Without a break the first movement gives way to the second, which is the lyrical heart of the whole work. At the outset the soloist plays a tender, poetic melody, accompanied by hushed strings. This theme has a Celtic feel to it and it’s suffused with melancholy. Was Stanford recalling Ireland, the land of his birth? Perhaps; but I wonder if by 1918 the most prominent cause for melancholy in his thinking was the recollection of so many promising students cut down before their prime as a result of the war. Whatever the impetus it’s a lovely, reflective melody and Stanford extends this episode beautifully for some three minutes. Later the clarinet is prominent in the accompaniment, especially in an echoing dialogue with the solo violin (from 5:17). This, the longest movement in the work, is a beautiful and rewarding composition and, frankly, the opportunity for us to hear just this movement would more than justify all the work that Jeremy Dibble has done to bring the concerto to a performable state.
The finale is a rondo, which is introduced by the soloist in a passage of double-stopping. The music is most attractive. It’s lighter in style than the previous two movements and contains, perhaps, more chances for overt solo display. It makes for a very positive conclusion to the concerto.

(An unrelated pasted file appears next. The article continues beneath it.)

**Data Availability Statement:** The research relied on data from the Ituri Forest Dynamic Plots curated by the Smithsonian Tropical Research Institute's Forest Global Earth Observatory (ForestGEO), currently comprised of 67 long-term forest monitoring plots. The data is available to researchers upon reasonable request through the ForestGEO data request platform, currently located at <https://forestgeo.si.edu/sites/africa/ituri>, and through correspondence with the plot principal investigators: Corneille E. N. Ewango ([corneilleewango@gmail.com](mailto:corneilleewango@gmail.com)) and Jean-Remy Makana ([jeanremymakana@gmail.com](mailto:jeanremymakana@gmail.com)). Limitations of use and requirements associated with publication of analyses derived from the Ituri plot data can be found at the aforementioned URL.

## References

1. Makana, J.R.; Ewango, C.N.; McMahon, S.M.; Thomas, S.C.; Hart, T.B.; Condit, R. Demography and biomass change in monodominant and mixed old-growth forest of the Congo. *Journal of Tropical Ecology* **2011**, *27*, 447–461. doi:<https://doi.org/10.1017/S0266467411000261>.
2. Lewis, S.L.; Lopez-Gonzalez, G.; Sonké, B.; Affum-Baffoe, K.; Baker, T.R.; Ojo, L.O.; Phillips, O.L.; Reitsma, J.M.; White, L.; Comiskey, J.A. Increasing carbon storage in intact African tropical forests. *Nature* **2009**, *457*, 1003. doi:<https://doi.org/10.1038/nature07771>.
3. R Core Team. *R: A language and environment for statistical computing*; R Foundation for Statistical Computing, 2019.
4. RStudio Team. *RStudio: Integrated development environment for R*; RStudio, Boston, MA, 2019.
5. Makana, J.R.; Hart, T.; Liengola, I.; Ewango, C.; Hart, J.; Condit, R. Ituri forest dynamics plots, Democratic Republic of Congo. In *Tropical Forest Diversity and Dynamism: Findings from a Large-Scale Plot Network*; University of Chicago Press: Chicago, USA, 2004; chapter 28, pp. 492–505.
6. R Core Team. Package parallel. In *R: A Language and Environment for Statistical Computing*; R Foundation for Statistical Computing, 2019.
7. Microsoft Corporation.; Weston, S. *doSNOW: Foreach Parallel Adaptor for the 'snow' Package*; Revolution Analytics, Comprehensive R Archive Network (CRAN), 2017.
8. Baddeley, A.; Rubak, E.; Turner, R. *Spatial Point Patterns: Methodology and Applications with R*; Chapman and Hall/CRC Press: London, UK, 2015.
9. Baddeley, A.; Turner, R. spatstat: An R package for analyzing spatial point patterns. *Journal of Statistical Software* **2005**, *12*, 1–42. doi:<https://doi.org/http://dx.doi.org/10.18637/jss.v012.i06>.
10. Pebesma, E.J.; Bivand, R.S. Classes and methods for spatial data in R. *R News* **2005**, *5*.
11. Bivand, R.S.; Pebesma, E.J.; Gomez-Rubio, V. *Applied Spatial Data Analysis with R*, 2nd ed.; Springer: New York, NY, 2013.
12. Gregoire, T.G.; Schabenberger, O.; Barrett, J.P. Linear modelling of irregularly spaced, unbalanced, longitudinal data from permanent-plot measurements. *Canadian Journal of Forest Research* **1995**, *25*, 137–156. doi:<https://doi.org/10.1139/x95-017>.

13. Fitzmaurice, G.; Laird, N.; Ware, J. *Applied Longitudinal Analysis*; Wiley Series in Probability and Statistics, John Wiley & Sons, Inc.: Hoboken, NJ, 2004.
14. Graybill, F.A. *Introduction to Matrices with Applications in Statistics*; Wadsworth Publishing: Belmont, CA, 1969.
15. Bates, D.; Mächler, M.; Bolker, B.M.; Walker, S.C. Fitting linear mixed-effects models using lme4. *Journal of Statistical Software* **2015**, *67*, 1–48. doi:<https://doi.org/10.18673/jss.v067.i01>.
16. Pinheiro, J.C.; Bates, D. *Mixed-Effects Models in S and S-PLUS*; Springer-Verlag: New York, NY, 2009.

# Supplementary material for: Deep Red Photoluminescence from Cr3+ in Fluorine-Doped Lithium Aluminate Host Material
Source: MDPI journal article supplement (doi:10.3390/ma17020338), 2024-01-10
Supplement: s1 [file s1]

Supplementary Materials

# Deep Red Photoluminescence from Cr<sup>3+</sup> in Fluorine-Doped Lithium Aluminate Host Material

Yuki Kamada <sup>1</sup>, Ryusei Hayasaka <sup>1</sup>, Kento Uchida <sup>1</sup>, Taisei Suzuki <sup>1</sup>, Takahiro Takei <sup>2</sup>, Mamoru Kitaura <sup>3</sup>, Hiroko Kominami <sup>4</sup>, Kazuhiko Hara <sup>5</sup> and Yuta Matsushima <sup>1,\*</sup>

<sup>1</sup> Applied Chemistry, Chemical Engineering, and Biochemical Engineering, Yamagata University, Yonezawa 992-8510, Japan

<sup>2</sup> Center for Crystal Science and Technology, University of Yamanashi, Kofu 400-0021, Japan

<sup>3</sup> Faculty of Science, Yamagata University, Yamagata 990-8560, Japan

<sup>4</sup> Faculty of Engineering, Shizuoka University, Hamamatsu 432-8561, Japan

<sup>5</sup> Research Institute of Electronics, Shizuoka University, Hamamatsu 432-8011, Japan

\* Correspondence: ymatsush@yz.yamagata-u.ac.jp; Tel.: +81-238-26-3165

Stanford’s music may still be a rarity in our concert halls but at least if you search under his name on MusicWeb International you’ll find a good number of recordings. The same cannot be said for Robin Milford. Indeed, though his songs crop up from time to time in mixed recitals of English songs there are only three discs devoted to his music of which I’m aware: a Hyperion disc of his music for string orchestra (review
); a recital of his songs and piano music, which I’ve never heard but which was warmly welcomed by Rob Barnett (review
); and a recording of his Mass for Five Voices which I myself reviewed
back in 2012. This recording of his Violin Concerto is, I suspect, the first time one of his major concert scores has made it onto disc.